Conservative MP Dean Del Mastro has raised the prospect of government regulation of online anonymity, arguing that Parliament should address the issue of forcing people to identify themselves before posting comments online.
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Conservative MP Dean Del Mastro offers up one of the oddest copyright analogies during the C-11 debate, likening format shifting to socks and shoes.
Consistent with the Conservative campaign platform, MP Dean Del Mastro tells the Toronto Sun that Bill C-32 will be reintroduced largely intact.
In addition to my Hill Times op-ed this week on the transformation of Canadian Heritage Minister James Moore from iPod minister to iPadlock minister, the paper includes a second article with some predictions for copyright reform. The opening of the article includes a quote from Canadian Heritage Parliamentary Secretary Dean Del Mastro on the reform process:
"It would be naïve of me to say that we could introduce a bill on copyright that would be loved on all sides."
Del Mastro's comment is consistent with the conventional wisdom on copyright reform, namely that it is a contentious issue pitting users against creators that is difficult to reconcile. Yet the conventional wisdom here may be wrong. It is true that a copyright bill is unlikely to be loved by all sides. In fact, a bill loved by any side is probably a bill that does not strike the right balance (that is one of the reasons Moore's shift to strong support for C-61 digital lock rules is so problematic – one group loves it, some tolerate it, many hate it). Far better, is a bill that is acceptable to all sides. That means there will be compromises for all with the goal of crafting a bill that meets the most stakeholder needs and maintains the copyright balance.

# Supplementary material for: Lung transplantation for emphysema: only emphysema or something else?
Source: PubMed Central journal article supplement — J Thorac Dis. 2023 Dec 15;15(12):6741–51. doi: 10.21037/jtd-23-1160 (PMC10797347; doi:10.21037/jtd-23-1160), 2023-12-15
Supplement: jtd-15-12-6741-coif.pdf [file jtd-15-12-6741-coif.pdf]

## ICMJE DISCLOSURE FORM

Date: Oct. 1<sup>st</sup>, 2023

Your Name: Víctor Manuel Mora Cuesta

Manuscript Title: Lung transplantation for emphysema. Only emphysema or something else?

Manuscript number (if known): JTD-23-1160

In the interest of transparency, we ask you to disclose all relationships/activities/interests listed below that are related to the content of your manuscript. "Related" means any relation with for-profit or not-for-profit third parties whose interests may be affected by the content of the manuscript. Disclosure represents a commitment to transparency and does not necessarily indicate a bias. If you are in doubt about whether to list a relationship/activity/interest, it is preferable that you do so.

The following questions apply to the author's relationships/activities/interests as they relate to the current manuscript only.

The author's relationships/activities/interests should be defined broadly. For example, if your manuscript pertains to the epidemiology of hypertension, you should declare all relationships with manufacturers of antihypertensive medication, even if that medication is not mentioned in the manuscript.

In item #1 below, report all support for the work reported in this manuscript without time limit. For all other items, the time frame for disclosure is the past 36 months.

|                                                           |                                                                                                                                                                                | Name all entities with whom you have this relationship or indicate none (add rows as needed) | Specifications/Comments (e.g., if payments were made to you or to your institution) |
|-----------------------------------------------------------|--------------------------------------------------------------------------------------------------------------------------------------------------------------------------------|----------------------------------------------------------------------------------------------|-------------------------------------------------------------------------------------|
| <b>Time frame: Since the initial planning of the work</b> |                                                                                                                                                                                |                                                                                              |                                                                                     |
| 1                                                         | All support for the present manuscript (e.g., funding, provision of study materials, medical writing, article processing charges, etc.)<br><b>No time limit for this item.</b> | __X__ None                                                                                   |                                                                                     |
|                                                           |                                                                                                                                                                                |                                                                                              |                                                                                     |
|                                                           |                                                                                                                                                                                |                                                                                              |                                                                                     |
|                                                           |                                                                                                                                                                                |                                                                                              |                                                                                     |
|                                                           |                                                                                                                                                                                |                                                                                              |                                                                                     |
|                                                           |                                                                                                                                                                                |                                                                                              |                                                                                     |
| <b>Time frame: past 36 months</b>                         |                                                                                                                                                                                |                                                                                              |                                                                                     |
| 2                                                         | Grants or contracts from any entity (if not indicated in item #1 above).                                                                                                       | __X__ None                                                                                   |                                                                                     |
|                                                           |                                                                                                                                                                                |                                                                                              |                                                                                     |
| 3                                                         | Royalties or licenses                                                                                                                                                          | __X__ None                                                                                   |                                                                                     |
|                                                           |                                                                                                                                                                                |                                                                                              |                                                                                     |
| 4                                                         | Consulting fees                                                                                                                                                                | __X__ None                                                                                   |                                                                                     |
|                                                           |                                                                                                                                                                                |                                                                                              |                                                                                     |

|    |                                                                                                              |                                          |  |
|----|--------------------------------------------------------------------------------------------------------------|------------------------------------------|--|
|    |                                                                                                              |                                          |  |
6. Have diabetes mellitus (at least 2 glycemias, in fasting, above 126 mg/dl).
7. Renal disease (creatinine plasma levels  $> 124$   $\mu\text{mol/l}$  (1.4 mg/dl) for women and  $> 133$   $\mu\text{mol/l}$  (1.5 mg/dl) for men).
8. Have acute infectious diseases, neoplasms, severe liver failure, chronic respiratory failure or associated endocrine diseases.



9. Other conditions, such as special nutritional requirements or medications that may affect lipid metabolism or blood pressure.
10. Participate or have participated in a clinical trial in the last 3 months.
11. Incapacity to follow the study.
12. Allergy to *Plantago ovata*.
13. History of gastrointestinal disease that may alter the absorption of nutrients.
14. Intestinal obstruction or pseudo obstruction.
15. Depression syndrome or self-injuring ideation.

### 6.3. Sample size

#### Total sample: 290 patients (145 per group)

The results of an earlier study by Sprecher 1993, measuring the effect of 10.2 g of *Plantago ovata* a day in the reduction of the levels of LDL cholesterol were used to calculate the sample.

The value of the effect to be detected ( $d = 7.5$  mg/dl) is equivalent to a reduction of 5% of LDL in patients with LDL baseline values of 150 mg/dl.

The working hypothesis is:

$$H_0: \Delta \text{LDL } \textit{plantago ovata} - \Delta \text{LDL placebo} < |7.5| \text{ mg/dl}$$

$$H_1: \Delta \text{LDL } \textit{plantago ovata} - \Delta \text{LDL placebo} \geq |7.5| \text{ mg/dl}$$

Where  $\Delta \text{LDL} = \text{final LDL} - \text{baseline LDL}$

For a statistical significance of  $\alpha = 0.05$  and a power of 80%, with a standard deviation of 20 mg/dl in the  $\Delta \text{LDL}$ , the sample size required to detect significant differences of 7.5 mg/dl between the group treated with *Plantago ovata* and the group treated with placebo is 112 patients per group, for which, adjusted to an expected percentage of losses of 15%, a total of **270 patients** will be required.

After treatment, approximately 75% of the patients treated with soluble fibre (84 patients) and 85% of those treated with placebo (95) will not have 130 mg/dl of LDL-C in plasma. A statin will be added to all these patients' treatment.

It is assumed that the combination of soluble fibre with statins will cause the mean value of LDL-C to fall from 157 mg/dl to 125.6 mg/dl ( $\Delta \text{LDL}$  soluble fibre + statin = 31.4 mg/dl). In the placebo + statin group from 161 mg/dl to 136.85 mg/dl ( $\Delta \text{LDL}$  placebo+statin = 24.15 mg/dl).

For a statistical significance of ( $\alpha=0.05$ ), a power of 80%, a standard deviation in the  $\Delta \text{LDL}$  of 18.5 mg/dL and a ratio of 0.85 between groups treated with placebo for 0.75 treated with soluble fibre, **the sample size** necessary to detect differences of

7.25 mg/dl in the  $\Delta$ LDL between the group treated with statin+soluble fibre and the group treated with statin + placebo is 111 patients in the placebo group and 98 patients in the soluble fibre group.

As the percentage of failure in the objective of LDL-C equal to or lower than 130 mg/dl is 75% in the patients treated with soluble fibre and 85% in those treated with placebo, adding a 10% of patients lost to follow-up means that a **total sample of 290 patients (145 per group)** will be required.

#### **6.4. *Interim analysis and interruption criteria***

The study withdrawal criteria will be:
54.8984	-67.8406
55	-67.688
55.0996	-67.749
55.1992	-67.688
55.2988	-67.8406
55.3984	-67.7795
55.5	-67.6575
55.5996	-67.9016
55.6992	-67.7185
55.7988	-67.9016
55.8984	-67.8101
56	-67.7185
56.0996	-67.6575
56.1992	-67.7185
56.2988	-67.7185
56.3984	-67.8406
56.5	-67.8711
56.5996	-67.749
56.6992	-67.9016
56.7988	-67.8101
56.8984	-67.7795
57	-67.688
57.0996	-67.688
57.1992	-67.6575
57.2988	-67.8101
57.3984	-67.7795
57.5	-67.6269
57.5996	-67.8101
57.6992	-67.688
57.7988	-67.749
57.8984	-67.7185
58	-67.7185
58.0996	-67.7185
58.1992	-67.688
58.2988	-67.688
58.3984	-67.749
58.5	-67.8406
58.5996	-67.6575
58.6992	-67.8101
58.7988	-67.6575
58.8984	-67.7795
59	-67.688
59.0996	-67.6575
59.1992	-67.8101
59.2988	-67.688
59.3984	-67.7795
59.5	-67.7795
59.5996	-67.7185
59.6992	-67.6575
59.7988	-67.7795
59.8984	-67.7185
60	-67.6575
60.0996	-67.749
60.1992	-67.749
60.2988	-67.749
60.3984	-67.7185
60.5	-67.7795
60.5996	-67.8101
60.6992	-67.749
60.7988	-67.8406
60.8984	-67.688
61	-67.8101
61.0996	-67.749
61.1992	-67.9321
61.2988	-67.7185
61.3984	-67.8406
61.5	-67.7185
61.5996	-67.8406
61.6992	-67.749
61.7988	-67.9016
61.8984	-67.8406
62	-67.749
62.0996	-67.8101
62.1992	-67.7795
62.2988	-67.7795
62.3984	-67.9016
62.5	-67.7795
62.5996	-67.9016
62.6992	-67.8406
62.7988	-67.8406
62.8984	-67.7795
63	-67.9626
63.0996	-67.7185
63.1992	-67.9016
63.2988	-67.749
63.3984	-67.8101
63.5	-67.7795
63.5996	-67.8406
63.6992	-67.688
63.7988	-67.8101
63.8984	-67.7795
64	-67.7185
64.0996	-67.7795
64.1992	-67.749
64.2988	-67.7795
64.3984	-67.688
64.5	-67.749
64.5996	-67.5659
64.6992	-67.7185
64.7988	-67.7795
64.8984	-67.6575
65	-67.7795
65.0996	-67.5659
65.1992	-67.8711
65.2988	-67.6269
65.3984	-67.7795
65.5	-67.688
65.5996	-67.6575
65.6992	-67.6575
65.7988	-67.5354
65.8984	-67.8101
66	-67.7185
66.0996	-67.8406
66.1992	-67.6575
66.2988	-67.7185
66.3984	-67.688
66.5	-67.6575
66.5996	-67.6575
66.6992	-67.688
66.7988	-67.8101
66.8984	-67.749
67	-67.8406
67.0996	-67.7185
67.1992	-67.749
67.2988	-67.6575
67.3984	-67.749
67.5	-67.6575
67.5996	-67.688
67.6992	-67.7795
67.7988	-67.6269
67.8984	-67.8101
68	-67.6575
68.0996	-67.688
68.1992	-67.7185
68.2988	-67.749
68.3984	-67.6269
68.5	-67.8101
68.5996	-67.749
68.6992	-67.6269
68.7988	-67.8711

Is that possible? I think so. The key elements in such a bill would include:
Howard Knopf blogs on yesterday's final copyright roundtable, held in Peterborough. There was some local media coverage, in which Canadian Heritage Parliamentary Secretary Dean Del Mastro questioned the closed door approach to the consultations.